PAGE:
Idle Motion’s Shooting with Light is a surprising and emotionally demanding piece. It is a beautiful, tragic and warming tale of Gerda Taro, arguably the first female photographer to cover the front line of a war; and to die whilst doing so.
The tale tells two stories; that of Robert Capa and Taro’s ascent to success during the Spanish civil war and that of Capa’s stubborn brother to find a red suitcase of Robert’s missing photographs, many years after Capa and Taro’s death. The two separate tales, at first, are a little confusing but as the story progresses they become intertwined and with the help of a few vignettes the stories become clear and inseparable.
The stage is simple, just a plain white bookcase style background which possesses many doors and upon which images are projected. The first image is that of the red suitcase open, containing the rolls of film whereby the actors remove some of the films, carefully keeping the projector image on the boxes. Taro’s photographs are frequently displayed on the background charting her career from first learning how to use a camera in the bars of Paris to the war torn atrocities that eventually ended her life. In fact the best and most moving scene in this play is when the actors take to re-enacting Taro taking pictures whilst the pictures are shown behind them amidst the clamour of bombs and explosions.
The costumes are much understated and by that, one supposes, are unimportant to the overall message of the play. It seems that Idle Motion wish to strip the tale down to the story alone, throwing away all aspects of glamour and beauty to confront the audience with the harsh reality of war. At first it is difficult to draw oneself into the play as the over stylised and kabuki-esque movement seems to be gratuitous, slightly drama school and is possibly art for art’s sake – which does seem to take something away from this powerful performance. That aside, or once you can ignore it, the acting is encapsulating.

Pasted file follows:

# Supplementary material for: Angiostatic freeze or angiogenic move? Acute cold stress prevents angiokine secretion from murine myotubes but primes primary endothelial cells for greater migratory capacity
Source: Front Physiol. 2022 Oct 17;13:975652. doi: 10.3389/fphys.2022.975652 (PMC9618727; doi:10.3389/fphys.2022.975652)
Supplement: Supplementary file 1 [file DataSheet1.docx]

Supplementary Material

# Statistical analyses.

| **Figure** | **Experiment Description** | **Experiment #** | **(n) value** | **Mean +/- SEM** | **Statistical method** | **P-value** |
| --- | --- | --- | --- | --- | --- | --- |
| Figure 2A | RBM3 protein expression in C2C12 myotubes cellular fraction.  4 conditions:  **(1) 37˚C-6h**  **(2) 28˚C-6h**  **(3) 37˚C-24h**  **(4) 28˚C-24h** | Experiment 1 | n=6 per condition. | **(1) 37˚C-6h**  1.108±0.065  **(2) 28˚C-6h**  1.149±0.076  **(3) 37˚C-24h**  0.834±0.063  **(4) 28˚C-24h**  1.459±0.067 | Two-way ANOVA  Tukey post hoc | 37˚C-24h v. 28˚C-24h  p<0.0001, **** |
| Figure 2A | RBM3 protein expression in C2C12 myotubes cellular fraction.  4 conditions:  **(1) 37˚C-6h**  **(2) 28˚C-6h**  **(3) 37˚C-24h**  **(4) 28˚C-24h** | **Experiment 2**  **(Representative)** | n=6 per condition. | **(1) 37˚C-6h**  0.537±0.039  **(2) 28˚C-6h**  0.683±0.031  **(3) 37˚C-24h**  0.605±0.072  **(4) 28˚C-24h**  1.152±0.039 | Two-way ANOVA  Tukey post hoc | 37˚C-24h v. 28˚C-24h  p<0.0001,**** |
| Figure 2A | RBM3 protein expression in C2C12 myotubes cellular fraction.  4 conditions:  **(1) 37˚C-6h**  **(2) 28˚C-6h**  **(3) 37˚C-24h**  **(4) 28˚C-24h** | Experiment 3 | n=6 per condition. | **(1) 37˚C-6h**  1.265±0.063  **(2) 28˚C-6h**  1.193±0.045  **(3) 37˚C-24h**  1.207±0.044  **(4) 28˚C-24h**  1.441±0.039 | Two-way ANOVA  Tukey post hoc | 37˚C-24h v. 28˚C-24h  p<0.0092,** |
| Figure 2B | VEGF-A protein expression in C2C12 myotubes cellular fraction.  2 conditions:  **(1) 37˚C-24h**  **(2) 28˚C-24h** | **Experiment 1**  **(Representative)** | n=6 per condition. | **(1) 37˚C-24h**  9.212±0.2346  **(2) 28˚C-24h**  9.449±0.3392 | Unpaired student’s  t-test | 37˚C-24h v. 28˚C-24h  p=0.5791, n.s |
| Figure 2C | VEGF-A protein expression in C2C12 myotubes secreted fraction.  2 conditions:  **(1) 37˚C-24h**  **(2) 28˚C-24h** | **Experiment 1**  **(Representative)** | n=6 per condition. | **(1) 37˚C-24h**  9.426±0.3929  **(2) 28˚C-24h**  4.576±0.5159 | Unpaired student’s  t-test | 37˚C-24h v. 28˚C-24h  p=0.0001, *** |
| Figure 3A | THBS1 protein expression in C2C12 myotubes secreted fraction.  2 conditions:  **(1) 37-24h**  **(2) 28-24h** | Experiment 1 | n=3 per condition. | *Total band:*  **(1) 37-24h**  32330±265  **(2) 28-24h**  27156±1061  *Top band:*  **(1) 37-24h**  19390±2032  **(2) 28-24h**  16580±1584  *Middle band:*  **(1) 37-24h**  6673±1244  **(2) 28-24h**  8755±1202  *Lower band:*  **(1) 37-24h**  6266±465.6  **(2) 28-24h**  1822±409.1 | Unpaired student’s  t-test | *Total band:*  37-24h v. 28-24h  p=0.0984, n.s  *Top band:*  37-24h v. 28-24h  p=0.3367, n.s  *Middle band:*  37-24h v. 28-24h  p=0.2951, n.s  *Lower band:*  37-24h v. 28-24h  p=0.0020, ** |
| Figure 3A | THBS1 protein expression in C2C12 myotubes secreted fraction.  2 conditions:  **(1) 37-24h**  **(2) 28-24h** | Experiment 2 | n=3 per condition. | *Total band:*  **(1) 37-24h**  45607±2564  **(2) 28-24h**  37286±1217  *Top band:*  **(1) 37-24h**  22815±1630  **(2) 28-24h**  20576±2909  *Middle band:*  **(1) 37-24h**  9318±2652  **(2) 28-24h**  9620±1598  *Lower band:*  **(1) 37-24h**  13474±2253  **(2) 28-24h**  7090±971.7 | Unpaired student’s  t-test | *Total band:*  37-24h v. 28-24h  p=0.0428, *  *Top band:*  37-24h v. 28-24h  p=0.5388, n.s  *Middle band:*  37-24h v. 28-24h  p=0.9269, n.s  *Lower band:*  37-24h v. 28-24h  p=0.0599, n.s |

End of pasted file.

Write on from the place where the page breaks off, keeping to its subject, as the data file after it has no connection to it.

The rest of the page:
Capa and Taro bounce off each other with alacrity and their differing opinion on why they are war photographers is brilliantly encapsulated with Taro wanting to expose the horror of war and Capo wanting success and its trappings. Taro takes it personally and cannot untwine herself from the pain of the dead, wanting the world to know and sacrificing herself to tell the story whilst Capo can and knows that he must for his own sanity.
History has belonged to men for many years and their accomplishments have frequently overshadowed the talented women that have risen to the top and have, frankly, sometimes done a better job; Rosalind Franklin, Mary Ann Evans and Mary Anning to name but a few. It is amazing to see a show that remembers forgotten women and brings to the forefront the recognition that they have so often been denied.
By Mark Speed